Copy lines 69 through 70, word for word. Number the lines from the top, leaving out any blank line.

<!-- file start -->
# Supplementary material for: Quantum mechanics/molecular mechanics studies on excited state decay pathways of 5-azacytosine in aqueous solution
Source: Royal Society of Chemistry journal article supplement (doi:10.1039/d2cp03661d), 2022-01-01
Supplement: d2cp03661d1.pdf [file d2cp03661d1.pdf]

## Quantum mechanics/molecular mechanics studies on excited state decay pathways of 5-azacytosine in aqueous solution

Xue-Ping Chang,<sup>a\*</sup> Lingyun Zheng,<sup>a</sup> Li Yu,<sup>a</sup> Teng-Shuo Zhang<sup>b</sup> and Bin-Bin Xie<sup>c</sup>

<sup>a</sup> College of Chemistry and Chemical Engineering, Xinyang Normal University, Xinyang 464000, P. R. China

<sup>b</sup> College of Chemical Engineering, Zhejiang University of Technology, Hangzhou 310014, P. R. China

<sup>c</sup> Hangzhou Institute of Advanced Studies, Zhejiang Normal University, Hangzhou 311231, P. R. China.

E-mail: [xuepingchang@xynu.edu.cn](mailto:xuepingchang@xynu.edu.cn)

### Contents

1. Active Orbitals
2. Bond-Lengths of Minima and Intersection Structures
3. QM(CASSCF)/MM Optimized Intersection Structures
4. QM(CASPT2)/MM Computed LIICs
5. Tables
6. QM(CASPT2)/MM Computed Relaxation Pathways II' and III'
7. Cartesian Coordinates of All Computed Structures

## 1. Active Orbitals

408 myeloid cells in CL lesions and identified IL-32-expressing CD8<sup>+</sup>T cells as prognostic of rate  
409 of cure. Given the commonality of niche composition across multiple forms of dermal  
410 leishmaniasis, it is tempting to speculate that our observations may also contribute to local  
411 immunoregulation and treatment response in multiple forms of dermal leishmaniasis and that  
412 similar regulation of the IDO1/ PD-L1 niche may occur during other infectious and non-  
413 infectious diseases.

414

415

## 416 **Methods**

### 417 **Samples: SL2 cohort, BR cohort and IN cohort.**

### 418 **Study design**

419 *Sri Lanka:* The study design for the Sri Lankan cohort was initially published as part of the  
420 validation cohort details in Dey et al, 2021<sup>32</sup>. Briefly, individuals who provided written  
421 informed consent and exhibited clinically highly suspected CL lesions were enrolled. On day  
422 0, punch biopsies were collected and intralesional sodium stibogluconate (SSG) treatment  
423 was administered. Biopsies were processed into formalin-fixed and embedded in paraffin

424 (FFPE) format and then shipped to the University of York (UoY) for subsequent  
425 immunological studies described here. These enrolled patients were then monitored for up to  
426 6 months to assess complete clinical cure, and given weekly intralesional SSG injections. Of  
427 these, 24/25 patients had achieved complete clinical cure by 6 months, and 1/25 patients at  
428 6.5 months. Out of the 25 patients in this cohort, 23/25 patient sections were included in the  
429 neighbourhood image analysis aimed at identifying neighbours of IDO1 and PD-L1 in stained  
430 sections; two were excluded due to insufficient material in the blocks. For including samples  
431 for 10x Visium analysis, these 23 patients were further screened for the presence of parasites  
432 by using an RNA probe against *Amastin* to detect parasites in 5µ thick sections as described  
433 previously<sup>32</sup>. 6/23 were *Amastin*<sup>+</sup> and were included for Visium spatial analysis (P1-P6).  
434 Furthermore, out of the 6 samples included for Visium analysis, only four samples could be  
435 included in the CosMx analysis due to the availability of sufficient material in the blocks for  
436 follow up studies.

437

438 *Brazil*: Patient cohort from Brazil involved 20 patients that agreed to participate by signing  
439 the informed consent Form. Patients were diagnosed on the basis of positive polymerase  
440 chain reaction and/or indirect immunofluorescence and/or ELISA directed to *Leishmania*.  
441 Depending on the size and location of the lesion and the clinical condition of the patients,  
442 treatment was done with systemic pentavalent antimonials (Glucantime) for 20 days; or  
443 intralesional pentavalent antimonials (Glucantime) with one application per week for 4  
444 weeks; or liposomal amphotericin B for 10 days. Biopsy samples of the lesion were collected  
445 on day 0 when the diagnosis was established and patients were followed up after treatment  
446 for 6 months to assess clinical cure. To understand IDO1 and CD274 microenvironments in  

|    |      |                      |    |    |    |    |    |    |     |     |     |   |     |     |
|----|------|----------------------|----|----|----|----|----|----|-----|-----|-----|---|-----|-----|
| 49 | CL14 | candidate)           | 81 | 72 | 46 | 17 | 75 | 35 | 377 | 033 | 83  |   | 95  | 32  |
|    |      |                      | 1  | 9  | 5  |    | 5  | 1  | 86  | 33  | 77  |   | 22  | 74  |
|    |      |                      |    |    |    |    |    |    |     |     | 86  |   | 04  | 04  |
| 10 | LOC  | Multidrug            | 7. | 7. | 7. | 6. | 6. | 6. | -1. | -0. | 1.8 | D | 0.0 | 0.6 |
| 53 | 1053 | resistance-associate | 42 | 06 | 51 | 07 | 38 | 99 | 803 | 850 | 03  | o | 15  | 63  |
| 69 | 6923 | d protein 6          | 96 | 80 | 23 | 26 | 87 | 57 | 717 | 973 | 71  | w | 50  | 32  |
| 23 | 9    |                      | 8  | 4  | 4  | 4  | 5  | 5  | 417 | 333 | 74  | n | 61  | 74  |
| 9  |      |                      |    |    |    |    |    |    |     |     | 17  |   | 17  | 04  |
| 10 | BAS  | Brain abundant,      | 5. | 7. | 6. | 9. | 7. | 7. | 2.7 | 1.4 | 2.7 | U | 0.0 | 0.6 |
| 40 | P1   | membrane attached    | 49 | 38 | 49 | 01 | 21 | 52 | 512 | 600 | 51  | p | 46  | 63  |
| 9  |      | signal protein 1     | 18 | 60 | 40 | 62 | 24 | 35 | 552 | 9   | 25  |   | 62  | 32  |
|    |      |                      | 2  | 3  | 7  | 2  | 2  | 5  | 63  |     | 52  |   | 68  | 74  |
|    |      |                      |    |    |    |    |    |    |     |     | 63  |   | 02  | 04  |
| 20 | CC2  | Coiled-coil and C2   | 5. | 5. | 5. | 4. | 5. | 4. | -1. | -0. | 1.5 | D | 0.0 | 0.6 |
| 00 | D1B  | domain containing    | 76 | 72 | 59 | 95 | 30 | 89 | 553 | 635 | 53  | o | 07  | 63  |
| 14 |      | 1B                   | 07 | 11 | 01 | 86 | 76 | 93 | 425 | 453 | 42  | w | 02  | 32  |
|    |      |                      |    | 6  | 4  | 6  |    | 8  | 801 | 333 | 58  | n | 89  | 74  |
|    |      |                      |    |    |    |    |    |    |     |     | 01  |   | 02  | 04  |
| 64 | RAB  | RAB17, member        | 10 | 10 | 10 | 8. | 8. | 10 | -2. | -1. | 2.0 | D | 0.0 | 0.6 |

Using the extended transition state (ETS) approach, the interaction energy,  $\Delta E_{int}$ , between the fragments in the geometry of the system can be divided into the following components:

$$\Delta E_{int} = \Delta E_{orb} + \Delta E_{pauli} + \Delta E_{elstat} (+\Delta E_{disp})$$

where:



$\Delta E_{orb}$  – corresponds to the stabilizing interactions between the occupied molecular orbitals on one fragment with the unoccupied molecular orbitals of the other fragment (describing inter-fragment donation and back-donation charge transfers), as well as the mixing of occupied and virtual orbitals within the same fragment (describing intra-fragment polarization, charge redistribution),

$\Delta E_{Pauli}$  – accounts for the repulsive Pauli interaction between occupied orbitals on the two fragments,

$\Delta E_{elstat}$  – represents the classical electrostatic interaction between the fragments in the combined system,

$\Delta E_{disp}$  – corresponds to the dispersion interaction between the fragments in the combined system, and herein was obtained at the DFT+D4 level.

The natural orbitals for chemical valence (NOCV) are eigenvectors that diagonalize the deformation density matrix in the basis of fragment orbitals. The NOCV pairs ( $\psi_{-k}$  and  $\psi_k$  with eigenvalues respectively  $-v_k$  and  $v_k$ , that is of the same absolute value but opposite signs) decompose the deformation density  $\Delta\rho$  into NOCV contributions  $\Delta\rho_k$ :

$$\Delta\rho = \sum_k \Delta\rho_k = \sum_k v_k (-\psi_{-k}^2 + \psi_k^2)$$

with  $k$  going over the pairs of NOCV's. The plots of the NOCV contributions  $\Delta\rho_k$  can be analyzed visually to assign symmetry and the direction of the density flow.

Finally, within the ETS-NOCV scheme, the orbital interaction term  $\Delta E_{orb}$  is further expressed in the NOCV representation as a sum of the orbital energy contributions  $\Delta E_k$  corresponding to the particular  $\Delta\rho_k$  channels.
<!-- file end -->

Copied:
| 40 | P1   | membrane attached    | 49 | 38 | 49 | 01 | 21 | 52 | 512 | 600 | 51  | p | 46  | 63  |
| 9  |      | signal protein 1     | 18 | 60 | 40 | 62 | 24 | 35 | 552 | 9   | 25  |   | 62  | 32  |